When Professor Cathy Davidson of Duke University agreed to teach a Coursera course on the “History and Future of (Mostly) Higher Education,” which will launch on January 27, 2014, she was determined to see how the course itself could help others to think about the many forms and functions of higher education in the 21st century. Co-founder of the 12,000+ member network HASTAC (hastac.org), an open community dedicated to innovations in learning, Professor Davidson sent a notice around to other network members to see if others might be interested in exploring the same topic in a variety of ways. More than thirty different international and North American universities and institutions responded, offering courses, webinars, hangouts, and conferences on the topic. Along with the participants in Professor Davidson’s Coursera MOOC, they will also be making their research publicly available through a number of collaborative, crowd-sourced tools on the HASTAC site, including a wiki of learning resources, pedagogical innovations, and successful institutional changes worldwide.
Davidson is also synchronizing her face-to-face Duke course on the “History and Future of Higher Education” with face-to-face courses on the topic taught by Professors Christopher Newfield (University of California at Santa Barbara) and David Palumbo-Liu (Stanford University). They will teach their courses at the same time, share some readings, and offer joint sessions via Google Hangouts. Professor Davidson’s Duke students will work as community leaders in the Coursera course and engage in collaborative research projects with students at the other universities and on the MOOC. Coursera participants will be invited to many of the online and onsite public activities. The point of all of this is to inspire a worldwide community of students and faculty to think together about the future of higher education. Professor Davidson insists, “It’s not just a MOOC. It’s a movement.”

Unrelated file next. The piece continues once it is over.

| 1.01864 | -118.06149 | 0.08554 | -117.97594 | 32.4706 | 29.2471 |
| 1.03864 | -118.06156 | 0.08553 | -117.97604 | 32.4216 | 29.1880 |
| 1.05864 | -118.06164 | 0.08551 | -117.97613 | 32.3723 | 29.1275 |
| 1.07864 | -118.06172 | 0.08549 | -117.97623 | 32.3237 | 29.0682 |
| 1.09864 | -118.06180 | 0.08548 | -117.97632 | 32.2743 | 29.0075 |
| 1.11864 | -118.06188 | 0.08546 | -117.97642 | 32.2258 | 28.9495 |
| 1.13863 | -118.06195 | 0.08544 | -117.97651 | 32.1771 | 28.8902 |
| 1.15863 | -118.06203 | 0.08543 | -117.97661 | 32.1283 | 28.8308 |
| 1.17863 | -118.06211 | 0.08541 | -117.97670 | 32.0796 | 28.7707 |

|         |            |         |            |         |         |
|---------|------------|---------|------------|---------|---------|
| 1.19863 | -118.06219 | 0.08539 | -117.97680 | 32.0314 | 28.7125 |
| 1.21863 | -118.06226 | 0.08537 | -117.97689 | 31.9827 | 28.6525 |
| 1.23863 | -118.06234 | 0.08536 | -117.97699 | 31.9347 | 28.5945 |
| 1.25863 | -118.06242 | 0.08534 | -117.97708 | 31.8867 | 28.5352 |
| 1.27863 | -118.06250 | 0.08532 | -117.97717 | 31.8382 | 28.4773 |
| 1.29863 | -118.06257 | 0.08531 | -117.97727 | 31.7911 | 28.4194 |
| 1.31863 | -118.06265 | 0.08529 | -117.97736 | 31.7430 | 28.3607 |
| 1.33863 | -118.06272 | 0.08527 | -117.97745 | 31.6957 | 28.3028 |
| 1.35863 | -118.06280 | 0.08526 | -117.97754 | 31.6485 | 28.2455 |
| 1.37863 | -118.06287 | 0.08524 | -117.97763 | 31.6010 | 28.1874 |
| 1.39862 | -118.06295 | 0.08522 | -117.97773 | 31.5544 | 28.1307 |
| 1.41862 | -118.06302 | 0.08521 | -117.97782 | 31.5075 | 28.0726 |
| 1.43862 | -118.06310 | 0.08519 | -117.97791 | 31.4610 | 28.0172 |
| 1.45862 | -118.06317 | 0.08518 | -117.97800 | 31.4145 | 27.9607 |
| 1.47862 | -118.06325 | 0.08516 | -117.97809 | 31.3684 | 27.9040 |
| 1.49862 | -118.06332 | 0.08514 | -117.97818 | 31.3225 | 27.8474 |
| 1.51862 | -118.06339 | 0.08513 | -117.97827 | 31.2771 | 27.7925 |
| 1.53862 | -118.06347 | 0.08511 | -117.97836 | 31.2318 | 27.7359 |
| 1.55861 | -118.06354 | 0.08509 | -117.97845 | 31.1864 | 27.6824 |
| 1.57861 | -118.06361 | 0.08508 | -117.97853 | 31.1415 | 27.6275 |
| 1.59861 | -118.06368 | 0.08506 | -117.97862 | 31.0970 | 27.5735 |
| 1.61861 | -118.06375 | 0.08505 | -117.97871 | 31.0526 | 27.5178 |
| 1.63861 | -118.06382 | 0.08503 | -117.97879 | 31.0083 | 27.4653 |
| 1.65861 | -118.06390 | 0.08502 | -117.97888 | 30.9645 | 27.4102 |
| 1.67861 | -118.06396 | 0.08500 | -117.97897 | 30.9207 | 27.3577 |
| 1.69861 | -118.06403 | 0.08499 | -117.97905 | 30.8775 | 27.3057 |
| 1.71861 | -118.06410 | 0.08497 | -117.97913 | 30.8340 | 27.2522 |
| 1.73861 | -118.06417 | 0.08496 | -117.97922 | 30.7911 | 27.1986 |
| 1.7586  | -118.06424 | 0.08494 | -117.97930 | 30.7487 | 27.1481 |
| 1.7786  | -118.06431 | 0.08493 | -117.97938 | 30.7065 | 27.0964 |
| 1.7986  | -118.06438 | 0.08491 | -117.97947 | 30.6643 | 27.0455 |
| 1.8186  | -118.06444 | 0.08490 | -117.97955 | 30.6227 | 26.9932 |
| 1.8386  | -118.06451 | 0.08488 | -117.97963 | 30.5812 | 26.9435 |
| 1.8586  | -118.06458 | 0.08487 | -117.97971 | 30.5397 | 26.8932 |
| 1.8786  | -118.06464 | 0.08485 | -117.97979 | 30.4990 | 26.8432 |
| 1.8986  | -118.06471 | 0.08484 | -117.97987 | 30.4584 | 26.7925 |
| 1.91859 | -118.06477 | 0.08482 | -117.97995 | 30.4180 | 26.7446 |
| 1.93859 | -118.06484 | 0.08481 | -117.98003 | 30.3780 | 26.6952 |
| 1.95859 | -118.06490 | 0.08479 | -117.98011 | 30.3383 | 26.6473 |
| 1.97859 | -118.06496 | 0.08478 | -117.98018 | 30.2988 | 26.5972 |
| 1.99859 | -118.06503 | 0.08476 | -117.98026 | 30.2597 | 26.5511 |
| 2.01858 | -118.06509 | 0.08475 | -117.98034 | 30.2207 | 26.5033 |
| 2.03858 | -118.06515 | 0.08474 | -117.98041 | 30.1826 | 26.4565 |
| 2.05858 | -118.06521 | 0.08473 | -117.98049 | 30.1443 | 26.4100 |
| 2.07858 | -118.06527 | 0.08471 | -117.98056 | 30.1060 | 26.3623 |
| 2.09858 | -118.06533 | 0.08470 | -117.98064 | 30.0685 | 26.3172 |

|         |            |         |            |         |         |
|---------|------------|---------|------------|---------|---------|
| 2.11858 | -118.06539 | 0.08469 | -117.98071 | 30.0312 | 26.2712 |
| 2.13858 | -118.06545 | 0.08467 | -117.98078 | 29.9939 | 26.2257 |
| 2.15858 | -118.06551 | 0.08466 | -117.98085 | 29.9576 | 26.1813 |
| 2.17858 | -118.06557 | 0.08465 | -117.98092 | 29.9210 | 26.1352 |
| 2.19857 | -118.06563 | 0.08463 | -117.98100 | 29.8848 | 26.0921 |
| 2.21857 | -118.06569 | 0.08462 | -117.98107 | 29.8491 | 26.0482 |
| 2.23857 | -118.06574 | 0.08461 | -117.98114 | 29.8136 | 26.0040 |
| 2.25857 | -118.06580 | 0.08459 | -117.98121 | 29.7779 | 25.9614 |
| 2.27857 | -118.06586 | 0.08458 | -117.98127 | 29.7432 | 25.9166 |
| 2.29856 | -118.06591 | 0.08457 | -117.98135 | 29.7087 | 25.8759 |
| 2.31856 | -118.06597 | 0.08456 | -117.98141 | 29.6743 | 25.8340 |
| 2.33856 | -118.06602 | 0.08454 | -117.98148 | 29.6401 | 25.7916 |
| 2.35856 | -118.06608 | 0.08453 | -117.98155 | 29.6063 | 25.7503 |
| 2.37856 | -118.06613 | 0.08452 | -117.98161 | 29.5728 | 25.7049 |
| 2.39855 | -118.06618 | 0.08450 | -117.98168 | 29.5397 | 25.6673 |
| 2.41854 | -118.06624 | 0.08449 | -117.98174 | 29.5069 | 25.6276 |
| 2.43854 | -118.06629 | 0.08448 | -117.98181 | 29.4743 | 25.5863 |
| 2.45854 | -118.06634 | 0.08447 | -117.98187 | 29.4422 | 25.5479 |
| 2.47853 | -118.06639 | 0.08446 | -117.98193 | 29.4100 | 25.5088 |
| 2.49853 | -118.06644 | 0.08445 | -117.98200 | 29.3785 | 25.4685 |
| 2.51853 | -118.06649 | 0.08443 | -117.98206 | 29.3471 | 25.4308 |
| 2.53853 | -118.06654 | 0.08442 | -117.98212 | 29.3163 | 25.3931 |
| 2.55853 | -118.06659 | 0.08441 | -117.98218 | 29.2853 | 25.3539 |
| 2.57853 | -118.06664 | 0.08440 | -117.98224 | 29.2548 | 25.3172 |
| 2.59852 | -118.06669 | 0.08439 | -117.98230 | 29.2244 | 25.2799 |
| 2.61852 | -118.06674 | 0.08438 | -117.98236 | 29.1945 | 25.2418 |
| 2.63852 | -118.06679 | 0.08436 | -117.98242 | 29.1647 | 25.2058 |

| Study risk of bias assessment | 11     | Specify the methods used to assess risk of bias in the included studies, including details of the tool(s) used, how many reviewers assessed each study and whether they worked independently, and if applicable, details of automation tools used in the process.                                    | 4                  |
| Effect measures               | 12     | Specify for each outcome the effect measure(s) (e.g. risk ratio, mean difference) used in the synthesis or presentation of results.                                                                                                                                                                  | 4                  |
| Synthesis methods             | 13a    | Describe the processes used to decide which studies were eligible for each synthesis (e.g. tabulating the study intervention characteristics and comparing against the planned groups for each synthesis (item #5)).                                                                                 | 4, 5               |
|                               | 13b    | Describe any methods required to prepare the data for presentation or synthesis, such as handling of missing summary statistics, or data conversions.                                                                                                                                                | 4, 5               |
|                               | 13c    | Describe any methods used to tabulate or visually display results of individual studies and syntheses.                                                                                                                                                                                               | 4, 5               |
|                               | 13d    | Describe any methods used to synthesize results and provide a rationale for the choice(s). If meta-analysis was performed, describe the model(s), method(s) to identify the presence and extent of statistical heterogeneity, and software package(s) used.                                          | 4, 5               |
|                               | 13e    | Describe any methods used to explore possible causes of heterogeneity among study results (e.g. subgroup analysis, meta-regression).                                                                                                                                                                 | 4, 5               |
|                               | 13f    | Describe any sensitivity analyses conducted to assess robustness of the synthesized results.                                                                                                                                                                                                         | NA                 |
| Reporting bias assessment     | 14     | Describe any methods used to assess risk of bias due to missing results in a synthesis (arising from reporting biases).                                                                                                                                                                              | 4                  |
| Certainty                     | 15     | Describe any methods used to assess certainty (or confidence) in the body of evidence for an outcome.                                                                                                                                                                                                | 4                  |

— This post was written by Hilary Culbertson, Program Director of HASTAC, the innovative virtual learning network co-founded by Cathy Davidson and headquartered at Duke University.
Elise Mueller is the consultant for the language departments at Duke. Her goal is to help instructors explore the best ways to support language acquisition through technology. As a member of Sakai group, Elise leads training sessions, troubleshoots technical issues, and develops documentation of the support site. More recently, she has assisted faculty with the planning and development of Coursera courses. Her interests include using multimedia in the classroom, emerging models of higher education and e-learning, and experiential learning.
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